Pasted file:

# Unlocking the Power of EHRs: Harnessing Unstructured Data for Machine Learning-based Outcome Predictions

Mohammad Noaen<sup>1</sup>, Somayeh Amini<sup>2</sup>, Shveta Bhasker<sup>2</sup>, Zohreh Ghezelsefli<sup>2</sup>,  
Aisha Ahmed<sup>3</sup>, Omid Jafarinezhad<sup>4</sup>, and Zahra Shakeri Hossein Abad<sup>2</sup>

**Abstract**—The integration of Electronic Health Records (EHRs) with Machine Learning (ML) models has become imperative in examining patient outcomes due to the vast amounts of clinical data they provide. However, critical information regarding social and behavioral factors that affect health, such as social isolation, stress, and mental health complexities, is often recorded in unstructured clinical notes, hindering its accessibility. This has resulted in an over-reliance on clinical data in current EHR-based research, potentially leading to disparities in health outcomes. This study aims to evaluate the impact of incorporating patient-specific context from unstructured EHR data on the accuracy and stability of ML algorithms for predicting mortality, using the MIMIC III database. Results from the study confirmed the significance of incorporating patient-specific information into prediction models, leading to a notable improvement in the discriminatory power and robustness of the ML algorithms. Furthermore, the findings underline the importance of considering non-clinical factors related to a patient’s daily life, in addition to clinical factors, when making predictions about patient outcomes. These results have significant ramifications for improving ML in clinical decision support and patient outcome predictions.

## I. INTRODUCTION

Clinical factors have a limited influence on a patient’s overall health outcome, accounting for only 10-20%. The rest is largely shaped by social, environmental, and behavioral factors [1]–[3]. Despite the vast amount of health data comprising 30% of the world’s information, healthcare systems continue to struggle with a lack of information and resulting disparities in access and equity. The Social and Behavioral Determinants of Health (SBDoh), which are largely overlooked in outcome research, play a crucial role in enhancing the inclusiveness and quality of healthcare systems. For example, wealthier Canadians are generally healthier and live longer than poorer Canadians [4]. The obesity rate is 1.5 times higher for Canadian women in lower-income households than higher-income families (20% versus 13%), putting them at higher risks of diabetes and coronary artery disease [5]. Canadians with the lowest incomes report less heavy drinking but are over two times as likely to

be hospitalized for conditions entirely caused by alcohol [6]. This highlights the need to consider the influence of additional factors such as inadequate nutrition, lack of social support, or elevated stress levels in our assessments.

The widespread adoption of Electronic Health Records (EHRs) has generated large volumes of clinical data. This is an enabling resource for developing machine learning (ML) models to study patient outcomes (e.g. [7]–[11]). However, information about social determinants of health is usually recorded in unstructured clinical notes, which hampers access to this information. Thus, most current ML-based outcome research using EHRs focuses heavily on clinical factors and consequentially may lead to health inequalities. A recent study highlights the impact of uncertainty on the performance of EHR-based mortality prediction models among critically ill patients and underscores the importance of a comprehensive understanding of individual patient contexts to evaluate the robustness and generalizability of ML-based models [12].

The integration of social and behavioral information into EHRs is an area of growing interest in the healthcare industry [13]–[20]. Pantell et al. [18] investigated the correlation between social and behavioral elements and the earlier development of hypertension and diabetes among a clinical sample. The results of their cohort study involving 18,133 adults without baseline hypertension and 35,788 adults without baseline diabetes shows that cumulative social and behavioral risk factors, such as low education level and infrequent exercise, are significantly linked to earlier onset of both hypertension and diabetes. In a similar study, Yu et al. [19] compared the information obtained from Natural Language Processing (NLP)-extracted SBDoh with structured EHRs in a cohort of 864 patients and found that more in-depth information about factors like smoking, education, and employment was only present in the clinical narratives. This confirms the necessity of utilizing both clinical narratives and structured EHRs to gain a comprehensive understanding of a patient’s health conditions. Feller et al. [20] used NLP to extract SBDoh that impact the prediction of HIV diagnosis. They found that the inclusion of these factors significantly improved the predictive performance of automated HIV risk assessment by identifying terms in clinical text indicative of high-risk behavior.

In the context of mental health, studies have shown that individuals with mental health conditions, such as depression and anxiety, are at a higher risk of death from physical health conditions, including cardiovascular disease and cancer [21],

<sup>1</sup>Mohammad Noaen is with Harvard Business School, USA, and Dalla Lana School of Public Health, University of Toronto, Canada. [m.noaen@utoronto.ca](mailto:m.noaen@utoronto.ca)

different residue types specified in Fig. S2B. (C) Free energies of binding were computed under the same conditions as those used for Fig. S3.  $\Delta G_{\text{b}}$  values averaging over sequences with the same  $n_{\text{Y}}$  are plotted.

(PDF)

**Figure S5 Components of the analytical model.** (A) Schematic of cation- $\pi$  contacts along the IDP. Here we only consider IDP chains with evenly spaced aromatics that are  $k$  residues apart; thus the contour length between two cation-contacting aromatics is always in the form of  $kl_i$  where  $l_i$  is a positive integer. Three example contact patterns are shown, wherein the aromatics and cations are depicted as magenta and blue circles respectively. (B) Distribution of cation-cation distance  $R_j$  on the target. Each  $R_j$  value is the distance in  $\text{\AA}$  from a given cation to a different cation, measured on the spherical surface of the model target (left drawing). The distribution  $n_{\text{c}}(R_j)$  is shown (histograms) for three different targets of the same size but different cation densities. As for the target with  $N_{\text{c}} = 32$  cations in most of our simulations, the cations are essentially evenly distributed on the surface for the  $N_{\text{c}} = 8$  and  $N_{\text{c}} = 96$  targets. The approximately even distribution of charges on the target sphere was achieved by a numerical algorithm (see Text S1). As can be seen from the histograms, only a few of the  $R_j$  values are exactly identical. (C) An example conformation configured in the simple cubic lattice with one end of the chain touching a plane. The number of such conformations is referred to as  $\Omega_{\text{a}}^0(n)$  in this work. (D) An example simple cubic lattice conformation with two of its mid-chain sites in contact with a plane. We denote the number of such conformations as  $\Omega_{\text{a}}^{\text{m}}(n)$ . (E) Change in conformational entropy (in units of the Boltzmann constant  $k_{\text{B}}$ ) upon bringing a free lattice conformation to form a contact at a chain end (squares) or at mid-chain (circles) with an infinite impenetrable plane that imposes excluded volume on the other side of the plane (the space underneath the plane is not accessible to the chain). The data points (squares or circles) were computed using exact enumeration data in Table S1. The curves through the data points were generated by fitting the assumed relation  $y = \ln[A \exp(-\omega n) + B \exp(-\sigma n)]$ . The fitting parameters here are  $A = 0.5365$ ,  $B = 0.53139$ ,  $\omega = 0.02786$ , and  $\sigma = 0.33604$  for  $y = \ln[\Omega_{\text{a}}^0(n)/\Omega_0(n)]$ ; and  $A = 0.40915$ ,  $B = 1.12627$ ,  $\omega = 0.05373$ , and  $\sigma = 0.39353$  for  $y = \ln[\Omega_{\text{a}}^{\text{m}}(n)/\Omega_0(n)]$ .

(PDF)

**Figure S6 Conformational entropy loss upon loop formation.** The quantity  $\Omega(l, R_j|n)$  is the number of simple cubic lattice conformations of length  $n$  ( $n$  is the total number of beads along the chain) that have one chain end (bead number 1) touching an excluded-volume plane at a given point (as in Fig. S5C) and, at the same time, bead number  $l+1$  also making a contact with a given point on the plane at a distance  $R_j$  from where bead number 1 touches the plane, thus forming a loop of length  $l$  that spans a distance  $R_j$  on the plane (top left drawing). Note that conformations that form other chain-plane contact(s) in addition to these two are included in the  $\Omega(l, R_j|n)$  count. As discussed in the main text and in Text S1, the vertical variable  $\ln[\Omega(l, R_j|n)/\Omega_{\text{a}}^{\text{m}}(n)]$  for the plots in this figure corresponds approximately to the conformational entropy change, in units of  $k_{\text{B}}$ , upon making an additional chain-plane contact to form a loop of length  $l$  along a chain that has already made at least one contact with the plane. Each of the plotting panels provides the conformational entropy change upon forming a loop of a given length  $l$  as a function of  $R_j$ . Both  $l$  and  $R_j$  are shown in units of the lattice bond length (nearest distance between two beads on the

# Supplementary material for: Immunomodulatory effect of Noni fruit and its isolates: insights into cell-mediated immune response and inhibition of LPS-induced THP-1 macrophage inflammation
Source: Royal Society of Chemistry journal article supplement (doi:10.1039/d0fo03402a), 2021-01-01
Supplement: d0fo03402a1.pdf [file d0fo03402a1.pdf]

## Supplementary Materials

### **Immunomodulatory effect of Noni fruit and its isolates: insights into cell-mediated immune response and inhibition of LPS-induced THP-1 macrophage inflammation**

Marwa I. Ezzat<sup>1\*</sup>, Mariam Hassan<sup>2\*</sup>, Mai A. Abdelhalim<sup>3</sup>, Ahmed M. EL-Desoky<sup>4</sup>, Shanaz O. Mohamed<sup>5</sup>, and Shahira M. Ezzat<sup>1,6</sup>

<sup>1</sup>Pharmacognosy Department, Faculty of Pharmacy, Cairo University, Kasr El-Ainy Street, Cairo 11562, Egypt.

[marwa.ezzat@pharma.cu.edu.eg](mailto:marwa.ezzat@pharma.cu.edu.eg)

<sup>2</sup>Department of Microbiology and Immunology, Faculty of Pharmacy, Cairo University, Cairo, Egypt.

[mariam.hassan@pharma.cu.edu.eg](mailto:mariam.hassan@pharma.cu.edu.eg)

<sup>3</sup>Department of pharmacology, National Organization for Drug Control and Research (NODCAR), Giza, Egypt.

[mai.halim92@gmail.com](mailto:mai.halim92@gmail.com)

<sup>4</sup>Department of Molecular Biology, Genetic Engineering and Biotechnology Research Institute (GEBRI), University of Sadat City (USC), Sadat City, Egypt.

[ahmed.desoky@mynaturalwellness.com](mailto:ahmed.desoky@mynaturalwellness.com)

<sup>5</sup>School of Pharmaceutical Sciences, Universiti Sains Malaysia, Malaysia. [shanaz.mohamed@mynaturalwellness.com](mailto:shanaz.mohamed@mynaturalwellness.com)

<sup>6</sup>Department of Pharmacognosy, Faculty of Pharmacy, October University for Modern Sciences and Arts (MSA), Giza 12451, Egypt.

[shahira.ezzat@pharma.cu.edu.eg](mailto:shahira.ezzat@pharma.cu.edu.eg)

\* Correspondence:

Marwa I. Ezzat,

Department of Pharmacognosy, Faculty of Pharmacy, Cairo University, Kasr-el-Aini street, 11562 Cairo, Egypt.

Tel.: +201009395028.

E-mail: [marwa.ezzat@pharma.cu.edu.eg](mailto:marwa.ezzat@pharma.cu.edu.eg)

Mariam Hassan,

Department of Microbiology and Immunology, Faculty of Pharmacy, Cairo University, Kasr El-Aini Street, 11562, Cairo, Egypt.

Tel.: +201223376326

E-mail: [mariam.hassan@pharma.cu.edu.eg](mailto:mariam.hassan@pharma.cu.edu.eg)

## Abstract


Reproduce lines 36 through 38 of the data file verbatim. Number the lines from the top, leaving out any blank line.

Department of Pharmacognosy, Faculty of Pharmacy, Cairo University, Kasr-el-Aini street, 11562 Cairo, Egypt.

Tel.: +201009395028.

E-mail: [marwa.ezzat@pharma.cu.edu.eg](mailto:marwa.ezzat@pharma.cu.edu.eg)